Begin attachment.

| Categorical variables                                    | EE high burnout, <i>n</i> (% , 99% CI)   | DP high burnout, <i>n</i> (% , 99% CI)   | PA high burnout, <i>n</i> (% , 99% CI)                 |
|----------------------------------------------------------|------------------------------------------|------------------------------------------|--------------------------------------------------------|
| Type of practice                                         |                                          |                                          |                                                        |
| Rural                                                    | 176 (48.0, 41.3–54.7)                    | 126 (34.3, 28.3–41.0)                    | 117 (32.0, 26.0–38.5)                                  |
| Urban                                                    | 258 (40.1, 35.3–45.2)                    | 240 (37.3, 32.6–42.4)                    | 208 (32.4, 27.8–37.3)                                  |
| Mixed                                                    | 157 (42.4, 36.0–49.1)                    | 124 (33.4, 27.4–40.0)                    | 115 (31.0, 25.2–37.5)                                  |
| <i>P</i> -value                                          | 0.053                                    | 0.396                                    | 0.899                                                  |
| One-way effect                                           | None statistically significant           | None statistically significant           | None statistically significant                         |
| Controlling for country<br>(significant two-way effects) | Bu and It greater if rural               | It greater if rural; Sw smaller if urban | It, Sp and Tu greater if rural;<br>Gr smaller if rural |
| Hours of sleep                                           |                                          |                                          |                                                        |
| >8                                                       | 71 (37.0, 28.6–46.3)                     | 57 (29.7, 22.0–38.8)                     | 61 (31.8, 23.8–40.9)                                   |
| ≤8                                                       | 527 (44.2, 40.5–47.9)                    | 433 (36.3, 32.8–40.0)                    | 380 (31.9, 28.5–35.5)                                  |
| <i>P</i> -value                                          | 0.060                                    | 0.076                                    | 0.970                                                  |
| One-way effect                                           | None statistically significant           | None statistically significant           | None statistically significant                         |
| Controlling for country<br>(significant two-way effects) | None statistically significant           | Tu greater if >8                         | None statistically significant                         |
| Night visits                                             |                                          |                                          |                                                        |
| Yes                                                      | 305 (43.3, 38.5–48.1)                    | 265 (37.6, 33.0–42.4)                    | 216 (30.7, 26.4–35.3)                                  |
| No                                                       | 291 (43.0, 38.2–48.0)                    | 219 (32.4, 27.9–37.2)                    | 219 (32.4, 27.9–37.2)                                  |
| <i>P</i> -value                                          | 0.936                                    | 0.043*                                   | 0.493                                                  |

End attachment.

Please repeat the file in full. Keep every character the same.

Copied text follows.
| Categorical variables                                    | EE high burnout, <i>n</i> (% , 99% CI)   | DP high burnout, <i>n</i> (% , 99% CI)   | PA high burnout, <i>n</i> (% , 99% CI)                 |
|----------------------------------------------------------|------------------------------------------|------------------------------------------|--------------------------------------------------------|
| Type of practice                                         |                                          |                                          |                                                        |
| Rural                                                    | 176 (48.0, 41.3–54.7)                    | 126 (34.3, 28.3–41.0)                    | 117 (32.0, 26.0–38.5)                                  |
| Urban                                                    | 258 (40.1, 35.3–45.2)                    | 240 (37.3, 32.6–42.4)                    | 208 (32.4, 27.8–37.3)                                  |
| Mixed                                                    | 157 (42.4, 36.0–49.1)                    | 124 (33.4, 27.4–40.0)                    | 115 (31.0, 25.2–37.5)                                  |
| <i>P</i> -value                                          | 0.053                                    | 0.396                                    | 0.899                                                  |
| One-way effect                                           | None statistically significant           | None statistically significant           | None statistically significant                         |
| Controlling for country<br>(significant two-way effects) | Bu and It greater if rural               | It greater if rural; Sw smaller if urban | It, Sp and Tu greater if rural;<br>Gr smaller if rural |
| Hours of sleep                                           |                                          |                                          |                                                        |
| >8                                                       | 71 (37.0, 28.6–46.3)                     | 57 (29.7, 22.0–38.8)                     | 61 (31.8, 23.8–40.9)                                   |
| ≤8                                                       | 527 (44.2, 40.5–47.9)                    | 433 (36.3, 32.8–40.0)                    | 380 (31.9, 28.5–35.5)                                  |
| <i>P</i> -value                                          | 0.060                                    | 0.076                                    | 0.970                                                  |
| One-way effect                                           | None statistically significant           | None statistically significant           | None statistically significant                         |
| Controlling for country<br>(significant two-way effects) | None statistically significant           | Tu greater if >8                         | None statistically significant                         |
| Night visits                                             |                                          |                                          |                                                        |
| Yes                                                      | 305 (43.3, 38.5–48.1)                    | 265 (37.6, 33.0–42.4)                    | 216 (30.7, 26.4–35.3)                                  |
| No                                                       | 291 (43.0, 38.2–48.0)                    | 219 (32.4, 27.9–37.2)                    | 219 (32.4, 27.9–37.2)                                  |
| <i>P</i> -value                                          | 0.936                                    | 0.043*                                   | 0.493                                                  |